#1,070 – A Generic Type Can Be Compiled

Recall that a generic type is a template for a class that you can define later.  The generic type contains type parameters that act as placeholders for type arguments that you supply when you define a constructed type based on the generic type.  Without defining the constructed type, the type parameters in the generic type have no assigned type.  That is, they can be of any type (unless some constraints have been specified for the type parameter).

You can compile a particular generic type without have any constructed types that make use of the generic type.  For example, List<T> is compiled and included in mscorlib.dll.  This allows you to later use the generic type in your own code.


#1,044 – How Static Data Behaves in Generic Types

There is only a single copy of each static data item, rather than one copy for each instance of the class.

When you have a static data item in a generic class, there is a single copy of that data item for each constructed type based on the generic type.  A constructed type is a type declaration that is based on a generic type, providing arguments for the generic type’s type parameters.

Assume that we define a PileOf<T> type that has a static NumInAllPiles field, incremented as part of an Add method.  We reference the static field using the constructed class name and see that each constructed type has its own copy of the static data.

            // Pile of 1 dog
            PileOf<Dog> pile1 = new PileOf<Dog>();
            pile1.Add(new Dog("Bowser"));

            // Pile of 2 dogs
            PileOf<Dog> pile2 = new PileOf<Dog>();
            pile2.Add(new Dog("Kirby"));
            pile2.Add(new Dog("Fido"));

            // Pile of 1 cat
            PileOf<Cat> pile3 = new PileOf<Cat>();
            pile3.Add(new Cat("Fluffy"));

            Console.WriteLine(PileOf<Dog>.NumInAllPiles);  // 3
            Console.WriteLine(PileOf<Cat>.NumInAllPiles);  // 1

#1,041 – Adding New Type Parameters when You Derive from a Generic Class

You can define a generic class that inherits from another generic class, for example:

public class ListPlus<T> : List<T>

You can also add new type parameters in the new class being defined.  In the example below, ListPlus derives from List<T> and adds a second type parameter.

        public class ListPlus<T, TShadow> : List<T>
            private List<TShadow> shadowList = new List<TShadow>();

            public void AddItem(T mainItem, TShadow shadowItem)

When we construct the type, we need to provide type arguments for both type parameters.

            ListPlus<Dog, Cat> myListPlus = new ListPlus<Dog, Cat>();
            Dog fido = new Dog("Fido");
            Cat puff = new Cat("Puff");
            myListPlus.AddItem(fido, puff);

#1,040 – Deriving from a Constructed Type

You can define a generic class that inherits from another generic class, for example:

public class ListPlus<T> : List<T>

You can also derive from a constructed type, rather than a generic type.  A constructed type is just a generic type with the type parameters filled in (type arguments provided).

For example:

    public class DogListPlus : List<Dog>
        public void AddTwoDogs(Dog d1, Dog d2)

We can then use this new type as follows:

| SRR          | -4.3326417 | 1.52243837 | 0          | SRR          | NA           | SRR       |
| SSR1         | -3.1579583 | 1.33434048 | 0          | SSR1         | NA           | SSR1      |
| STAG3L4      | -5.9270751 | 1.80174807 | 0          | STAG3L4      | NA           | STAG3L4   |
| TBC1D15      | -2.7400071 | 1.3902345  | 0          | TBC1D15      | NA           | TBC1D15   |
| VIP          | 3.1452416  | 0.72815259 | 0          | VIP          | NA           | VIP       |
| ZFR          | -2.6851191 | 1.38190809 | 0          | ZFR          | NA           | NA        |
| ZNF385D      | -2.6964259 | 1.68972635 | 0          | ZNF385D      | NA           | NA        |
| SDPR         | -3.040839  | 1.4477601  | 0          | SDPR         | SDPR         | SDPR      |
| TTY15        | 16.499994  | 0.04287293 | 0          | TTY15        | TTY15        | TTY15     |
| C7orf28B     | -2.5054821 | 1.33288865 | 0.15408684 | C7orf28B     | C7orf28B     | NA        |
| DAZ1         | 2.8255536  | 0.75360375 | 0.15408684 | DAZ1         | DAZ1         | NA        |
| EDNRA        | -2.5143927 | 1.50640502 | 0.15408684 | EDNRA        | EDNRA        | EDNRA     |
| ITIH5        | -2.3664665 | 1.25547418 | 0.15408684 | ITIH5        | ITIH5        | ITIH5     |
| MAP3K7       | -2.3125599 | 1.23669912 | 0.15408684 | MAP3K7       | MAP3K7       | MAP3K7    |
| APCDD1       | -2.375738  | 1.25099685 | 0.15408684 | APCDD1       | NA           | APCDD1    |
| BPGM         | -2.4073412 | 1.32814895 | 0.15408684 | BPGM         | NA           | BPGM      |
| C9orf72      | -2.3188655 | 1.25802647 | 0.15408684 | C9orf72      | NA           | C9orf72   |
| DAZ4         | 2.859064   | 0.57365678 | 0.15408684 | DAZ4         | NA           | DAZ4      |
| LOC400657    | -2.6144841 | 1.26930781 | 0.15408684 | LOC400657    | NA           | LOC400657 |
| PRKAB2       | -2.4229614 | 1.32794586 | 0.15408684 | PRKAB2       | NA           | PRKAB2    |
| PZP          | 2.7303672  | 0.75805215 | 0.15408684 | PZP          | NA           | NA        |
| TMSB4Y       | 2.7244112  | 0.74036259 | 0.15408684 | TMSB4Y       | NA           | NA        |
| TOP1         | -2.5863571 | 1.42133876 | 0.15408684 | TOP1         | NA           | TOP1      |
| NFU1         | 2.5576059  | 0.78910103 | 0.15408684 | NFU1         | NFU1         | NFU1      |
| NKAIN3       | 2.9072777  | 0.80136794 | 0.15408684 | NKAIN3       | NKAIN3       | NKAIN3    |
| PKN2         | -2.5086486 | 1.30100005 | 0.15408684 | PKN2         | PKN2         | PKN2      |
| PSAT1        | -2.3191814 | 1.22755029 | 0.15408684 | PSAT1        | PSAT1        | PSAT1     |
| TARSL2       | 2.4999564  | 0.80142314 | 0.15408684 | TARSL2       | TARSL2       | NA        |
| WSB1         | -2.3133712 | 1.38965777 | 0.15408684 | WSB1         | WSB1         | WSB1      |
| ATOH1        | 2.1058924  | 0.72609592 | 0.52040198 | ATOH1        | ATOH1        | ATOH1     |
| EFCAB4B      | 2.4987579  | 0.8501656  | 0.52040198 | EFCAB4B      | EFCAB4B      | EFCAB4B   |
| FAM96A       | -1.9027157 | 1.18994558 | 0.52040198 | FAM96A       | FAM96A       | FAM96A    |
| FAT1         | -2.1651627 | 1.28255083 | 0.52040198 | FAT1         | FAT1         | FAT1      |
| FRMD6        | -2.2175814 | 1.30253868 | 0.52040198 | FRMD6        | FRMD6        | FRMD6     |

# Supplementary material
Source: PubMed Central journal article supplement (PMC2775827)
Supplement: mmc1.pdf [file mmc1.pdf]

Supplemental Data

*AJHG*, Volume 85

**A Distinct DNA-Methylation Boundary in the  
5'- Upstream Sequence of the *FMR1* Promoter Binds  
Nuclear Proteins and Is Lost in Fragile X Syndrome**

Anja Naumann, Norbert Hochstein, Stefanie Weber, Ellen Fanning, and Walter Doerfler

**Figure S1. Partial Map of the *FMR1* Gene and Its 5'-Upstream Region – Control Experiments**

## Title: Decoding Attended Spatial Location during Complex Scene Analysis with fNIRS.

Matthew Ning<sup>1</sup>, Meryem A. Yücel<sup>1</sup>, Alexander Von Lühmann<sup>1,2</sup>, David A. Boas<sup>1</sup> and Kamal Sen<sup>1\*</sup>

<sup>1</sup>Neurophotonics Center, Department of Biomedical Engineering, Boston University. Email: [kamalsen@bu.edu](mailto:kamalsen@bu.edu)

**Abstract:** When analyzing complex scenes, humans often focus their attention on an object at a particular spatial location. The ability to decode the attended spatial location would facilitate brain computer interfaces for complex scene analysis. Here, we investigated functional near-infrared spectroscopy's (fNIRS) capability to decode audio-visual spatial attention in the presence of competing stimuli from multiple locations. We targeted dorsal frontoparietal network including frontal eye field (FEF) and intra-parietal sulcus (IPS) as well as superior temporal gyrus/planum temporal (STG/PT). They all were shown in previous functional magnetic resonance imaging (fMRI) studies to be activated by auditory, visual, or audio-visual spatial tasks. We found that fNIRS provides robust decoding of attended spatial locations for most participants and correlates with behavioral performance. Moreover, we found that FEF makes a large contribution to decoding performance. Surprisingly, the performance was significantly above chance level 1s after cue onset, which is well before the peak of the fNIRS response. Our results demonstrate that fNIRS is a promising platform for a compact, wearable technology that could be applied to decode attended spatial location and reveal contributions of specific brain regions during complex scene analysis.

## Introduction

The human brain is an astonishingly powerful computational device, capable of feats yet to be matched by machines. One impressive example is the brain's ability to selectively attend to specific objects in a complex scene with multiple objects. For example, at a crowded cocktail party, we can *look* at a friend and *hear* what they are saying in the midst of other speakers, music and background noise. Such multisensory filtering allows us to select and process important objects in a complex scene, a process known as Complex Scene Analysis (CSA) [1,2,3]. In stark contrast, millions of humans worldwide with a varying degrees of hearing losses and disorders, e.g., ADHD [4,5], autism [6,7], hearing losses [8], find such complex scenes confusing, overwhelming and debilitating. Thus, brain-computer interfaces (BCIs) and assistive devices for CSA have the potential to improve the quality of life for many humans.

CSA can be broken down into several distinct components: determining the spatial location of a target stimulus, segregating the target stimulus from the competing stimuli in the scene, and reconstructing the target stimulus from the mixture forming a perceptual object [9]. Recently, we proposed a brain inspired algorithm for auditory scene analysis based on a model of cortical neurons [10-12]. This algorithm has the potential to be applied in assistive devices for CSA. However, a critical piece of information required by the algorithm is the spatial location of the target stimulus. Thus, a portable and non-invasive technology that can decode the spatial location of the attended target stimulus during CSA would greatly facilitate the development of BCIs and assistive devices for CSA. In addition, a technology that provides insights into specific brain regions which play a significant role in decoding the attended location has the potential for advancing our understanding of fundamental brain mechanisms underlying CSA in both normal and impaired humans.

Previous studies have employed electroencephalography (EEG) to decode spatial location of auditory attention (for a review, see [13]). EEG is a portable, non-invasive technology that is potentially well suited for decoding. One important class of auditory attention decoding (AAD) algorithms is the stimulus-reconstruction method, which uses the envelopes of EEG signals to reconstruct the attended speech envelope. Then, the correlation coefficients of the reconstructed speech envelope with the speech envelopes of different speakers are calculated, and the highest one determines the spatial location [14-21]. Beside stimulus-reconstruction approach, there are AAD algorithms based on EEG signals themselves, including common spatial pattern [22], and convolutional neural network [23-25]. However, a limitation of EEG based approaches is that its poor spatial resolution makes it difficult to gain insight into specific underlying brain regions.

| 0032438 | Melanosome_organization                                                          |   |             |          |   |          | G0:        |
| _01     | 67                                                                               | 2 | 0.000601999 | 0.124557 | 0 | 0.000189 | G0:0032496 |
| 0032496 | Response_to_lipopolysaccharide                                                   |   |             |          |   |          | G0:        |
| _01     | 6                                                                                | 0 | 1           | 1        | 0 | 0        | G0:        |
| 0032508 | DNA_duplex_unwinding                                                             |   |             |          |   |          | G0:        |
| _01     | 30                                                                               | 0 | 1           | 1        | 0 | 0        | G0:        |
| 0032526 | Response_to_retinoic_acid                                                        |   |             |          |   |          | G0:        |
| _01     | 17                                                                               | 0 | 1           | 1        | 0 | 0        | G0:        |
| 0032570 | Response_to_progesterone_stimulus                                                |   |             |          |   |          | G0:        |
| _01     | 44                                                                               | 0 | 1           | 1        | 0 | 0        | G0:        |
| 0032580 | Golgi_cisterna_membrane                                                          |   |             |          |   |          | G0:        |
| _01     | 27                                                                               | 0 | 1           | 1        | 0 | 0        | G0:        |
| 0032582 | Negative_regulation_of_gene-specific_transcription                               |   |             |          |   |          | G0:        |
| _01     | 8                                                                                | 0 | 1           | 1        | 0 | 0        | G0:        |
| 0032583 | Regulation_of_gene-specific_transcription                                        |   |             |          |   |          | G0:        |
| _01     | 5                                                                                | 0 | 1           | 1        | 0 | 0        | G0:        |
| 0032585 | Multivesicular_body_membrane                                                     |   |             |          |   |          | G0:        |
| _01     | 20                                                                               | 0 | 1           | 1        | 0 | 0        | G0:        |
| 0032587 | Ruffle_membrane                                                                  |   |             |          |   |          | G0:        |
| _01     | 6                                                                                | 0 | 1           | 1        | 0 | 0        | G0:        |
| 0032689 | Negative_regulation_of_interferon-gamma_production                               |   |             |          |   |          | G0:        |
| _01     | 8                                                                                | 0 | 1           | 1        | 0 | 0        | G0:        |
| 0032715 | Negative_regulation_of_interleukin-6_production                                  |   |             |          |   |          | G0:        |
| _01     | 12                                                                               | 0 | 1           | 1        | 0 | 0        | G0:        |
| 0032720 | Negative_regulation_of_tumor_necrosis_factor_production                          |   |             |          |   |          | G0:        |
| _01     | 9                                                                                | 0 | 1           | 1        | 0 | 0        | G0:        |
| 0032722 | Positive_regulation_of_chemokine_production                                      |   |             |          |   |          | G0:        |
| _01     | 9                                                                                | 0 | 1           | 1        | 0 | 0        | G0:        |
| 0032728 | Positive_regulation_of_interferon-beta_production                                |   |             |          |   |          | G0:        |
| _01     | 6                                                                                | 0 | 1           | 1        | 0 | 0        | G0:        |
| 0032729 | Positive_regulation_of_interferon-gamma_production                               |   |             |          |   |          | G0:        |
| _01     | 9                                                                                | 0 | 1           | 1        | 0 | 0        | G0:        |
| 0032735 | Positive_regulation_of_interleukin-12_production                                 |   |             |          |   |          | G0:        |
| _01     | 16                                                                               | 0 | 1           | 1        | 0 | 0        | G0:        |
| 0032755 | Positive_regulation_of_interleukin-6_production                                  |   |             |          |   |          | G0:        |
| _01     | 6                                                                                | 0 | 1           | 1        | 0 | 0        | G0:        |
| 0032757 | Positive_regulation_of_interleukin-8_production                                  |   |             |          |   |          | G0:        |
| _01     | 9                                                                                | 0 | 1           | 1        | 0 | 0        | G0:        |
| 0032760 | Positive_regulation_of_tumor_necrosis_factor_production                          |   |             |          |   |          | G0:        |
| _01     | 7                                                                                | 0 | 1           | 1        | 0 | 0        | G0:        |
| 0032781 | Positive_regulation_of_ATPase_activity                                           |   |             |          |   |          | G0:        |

DogListPlus dogList = new DogListPlus();
            Dog fido = new Dog("Fido");
            Dog bowser = new Dog("Bowser");
            dogList.AddTwoDogs(fido, bowser);

#1,034 – Making One Type Parameter Depend on Another

When specifying a constraint for a type parameter, used in either a class or a method, you can constrain the type parameter to depend on another type parameter.  That is–the second type parameter must be identical to, or derive from, the first.

Below, the type argument used when calling the Subset method (U) must be identical to or derive from the type parameter used for the class (T).  This allows us to do a cast operation.

    public class PileOf<T>
        private List<T> thePile = new List<T>();

        public void Add(T thing)

        public List<U> Subset<U>() where U : T
            List<U> subset = new List<U>();
            foreach (T next in thePile)
                if (next is U)

            return subset;

We could use this class as follows:

            PileOf<Animal> animals = new PileOf<Animal>();
            animals.Add(new Dog("Bowser", "Woof"));
            animals.Add(new Cat("Fluffy"));
            animals.Add(new Dog("Kirby", "Growf"));

            List<Dog> theDogs = animals.Subset<Dog>();

#324 – A Generic Class Can Have More than One Type Parameter

A generic class includes one or more type parameters that will be substituted with actual types when the class is used.  If the class has more than one type parameter, all parameters must be substituted when the class is used.

Here’s an example of a generic class that stores two objects, each having its own type.

    public class ThingContainer<TThing1, TThing2>
        private TThing1 thing1;
        private TThing2 thing2;

        public void SetThings(TThing1 first, TThing2 second)
            thing1 = first;
            thing2 = second;

        public string DumpThings()
            return string.Format("{0}, {1}", thing1.ToString(), thing2.ToString());

We can use this class as follows:

            ThingContainer<string,int> cont1 = new ThingContainer<string,int>();
            cont1.SetThings("Hemingway", 1899);
            Console.WriteLine(cont1.DumpThings());      //  Hemingway, 1899

            ThingContainer<Dog, DateTime> cont2 = new ThingContainer<Dog, DateTime>();
            cont2.SetThings(new Dog("Kirby", 14), new DateTime(1998, 5, 1));
            Console.WriteLine(cont2.DumpThings());      // Kirby (14 yrs), 5/1/1998 12:00:00 AM